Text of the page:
In many ways, the approach to communication in social housing hasn’t changed a huge amount in the last few decades. There have been some additional channels added to the arsenal of most housing providers, but the primary channels for communication have remained the same.
Letters have been the standard form of social housing communication since the very beginnings of social housing. It is by far the most straightforward – as it only requires the bare minimum of information about a tenancy. This, combined with the very scalable nature of letter-sending, has kept letters as the most used form of communication in housing today. The primary concerns with letter sending are to do with cost as well as ensuring the right person gets the right communication. Due to the very public nature of the post, anyone in a household could read communications sent through to the property – or worse still read communications meant for the previous resident. A lack of transparency is the main danger surrounding letter communications.
Phone calls are also prolific in social housing. They again do not require a huge amount of information (although more than letters) – the address of a property and the current phone number of the resident. This has some benefits and some downsides. The benefits are that they build accountability and visibility into the system. A phone call can be recorded by a housing provider, used as evidence of an agreement or proof that information has been received. Unfortunately, phone calls also require the housing provider to have an up-to-date number. This was less of a concern in previous decades when home phones were ubiquitous. With the rise of mobile phones, however, keeping accurate numbers has proved extremely difficult. Phone calls are also expensive – requiring significantly more time-per-resident than letter sending.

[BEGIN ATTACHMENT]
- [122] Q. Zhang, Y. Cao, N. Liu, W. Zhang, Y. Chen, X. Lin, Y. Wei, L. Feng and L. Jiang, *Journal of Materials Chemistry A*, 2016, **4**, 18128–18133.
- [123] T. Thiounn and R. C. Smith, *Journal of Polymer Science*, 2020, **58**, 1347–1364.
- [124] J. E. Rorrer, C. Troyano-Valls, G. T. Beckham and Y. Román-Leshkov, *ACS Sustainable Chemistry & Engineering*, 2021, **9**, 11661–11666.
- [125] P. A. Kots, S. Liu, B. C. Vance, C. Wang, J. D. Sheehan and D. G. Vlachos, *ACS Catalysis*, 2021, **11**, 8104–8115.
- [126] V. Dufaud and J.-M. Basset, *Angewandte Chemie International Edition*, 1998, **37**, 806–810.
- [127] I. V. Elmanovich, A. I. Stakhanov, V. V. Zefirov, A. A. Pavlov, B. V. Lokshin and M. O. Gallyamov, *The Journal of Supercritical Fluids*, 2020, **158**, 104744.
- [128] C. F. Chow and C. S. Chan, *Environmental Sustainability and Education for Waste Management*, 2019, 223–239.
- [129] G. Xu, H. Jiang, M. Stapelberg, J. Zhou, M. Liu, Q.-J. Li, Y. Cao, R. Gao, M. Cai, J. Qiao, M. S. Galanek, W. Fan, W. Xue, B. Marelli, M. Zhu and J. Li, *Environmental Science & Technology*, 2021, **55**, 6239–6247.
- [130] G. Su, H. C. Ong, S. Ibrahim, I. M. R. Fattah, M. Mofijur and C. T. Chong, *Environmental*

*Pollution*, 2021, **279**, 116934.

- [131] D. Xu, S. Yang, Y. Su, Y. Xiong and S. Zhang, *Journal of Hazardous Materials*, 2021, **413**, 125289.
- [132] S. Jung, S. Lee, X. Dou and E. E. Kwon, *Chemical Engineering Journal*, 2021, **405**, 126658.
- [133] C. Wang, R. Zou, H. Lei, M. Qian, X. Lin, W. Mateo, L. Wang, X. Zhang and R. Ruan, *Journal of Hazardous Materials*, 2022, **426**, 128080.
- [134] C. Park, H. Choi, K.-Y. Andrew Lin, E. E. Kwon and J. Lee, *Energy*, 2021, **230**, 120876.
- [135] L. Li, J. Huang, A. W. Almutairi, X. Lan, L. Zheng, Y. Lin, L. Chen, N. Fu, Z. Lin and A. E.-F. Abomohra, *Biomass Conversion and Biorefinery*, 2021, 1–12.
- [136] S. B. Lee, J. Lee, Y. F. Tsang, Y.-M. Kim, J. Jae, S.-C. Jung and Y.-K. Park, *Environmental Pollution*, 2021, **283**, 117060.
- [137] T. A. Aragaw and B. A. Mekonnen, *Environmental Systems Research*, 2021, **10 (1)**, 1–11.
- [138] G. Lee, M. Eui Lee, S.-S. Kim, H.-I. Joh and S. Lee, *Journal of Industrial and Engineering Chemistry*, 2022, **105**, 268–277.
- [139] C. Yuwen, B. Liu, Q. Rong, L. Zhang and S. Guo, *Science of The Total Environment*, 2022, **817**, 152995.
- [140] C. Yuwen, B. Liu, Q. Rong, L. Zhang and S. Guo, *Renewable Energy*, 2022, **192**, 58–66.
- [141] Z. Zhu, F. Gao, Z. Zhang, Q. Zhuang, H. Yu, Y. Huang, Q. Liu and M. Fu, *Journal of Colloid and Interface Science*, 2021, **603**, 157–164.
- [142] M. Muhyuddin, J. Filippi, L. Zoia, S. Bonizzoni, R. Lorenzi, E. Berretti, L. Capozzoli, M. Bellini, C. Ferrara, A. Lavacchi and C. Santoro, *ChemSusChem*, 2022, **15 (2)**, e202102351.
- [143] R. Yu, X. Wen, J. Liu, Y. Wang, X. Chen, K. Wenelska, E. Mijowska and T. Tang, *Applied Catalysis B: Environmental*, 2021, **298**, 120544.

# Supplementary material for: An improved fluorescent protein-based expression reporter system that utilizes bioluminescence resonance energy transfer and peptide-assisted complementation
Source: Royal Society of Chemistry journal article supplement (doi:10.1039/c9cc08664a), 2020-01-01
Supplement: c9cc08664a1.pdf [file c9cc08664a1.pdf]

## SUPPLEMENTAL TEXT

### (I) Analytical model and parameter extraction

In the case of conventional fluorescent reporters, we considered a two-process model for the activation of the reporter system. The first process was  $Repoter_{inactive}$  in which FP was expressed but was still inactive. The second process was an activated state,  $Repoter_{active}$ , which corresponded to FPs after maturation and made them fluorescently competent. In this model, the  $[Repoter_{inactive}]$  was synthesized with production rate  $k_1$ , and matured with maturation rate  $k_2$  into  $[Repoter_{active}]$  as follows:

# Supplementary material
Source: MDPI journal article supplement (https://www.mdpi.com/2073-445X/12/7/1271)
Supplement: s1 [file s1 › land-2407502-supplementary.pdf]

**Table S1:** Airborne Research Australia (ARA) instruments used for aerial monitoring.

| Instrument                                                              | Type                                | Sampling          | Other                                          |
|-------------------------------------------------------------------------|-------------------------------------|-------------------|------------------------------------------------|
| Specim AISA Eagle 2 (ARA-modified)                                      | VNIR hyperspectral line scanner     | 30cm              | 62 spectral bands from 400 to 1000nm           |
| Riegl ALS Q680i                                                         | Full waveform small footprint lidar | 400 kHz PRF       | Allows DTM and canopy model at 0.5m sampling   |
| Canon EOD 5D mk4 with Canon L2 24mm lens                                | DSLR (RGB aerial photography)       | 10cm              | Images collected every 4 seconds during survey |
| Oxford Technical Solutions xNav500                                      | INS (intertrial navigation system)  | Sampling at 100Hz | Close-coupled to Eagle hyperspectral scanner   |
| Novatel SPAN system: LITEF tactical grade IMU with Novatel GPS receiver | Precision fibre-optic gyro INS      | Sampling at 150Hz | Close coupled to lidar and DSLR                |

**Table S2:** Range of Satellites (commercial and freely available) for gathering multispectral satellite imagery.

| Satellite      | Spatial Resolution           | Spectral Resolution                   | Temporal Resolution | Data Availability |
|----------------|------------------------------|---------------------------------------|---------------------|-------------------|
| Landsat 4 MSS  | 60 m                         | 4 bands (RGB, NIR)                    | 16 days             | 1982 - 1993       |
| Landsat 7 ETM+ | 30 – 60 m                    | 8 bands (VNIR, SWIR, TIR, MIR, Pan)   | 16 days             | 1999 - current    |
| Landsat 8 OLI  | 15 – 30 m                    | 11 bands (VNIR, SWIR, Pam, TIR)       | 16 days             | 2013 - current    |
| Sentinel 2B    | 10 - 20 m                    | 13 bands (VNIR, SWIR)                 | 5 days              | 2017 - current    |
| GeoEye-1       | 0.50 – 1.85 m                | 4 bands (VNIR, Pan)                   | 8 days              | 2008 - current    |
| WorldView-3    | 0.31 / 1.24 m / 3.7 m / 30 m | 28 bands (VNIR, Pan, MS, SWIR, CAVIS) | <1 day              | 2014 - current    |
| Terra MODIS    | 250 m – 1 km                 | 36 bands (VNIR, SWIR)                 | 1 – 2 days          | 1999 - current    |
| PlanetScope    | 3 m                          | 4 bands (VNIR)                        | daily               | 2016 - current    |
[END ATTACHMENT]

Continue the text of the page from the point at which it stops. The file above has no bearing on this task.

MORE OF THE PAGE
Text messages are the obvious solution to the issues surrounding phone calls. They allow for the same level of transparency and traceability, but with a significantly reduced cost. Text messages are magnitudes less expensive to send en-mass than phone calls and do not require the same level of staffing. In the early 2000s, there was a genuine feeling that text messaging might be the way of the future for housing providers. Unfortunately, they suffer the same issues as phone calls – where accurate and up-to-date phone numbers are required to use this communication channel. This can be an issue at a portfolio level as important communications cannot be missed for even the smallest percentage of residents.
Another classic form of communication – simply visiting a property to deliver information in person. This solves many of the problems above – as accurate phone numbers are not required and the housing provider has the highest level of visibility on deliverability and engagement. This option, unfortunately, is also the most expensive. It takes time to have a resident liaison officer visit properties – and missed appointments begin to increase the costs even further. This is not a viable option for delivering any portfolio-wide information.
A newer addition to the arsenal of housing providers, social media has become a standard communication channel over the last few years. Nearly every housing provider is now on one form of social media or another – and it has shown to have a significant impact on resident engagement. Social media does not require housing providers to know the information of a resident up-front and provides a scalable one-to-one communication platform. Unfortunately, it lacks two things. It is significantly impacted by digital inclusion (those that are most vulnerable and might need the most help are likely to feel incapable of asking for it over social media), and it can be extremely public. Every housing provider has experiences of disgruntled residents utilising every public post to chastise the organisation for their lack of action over a particular issue.
The newest form of technology to arrive in social housing is the in-home IoT device. Utilising an in-home device to communicate with residents overcomes a significant number of the issues presented by other communication channels. It is located physically in the property – so there is no concern about ensuring the message arrives at the appropriate location. It is a digital communication platform – so visibility and traceability are built right into it through the logging of send, open and action times. It also relies on the internet, rather than phone lines or postal services. The big drawback for in-home devices is that they have to be installed first before communication can begin. Letters can be done to every property – but an in-home message can only be sent to properties with the technology to receive them.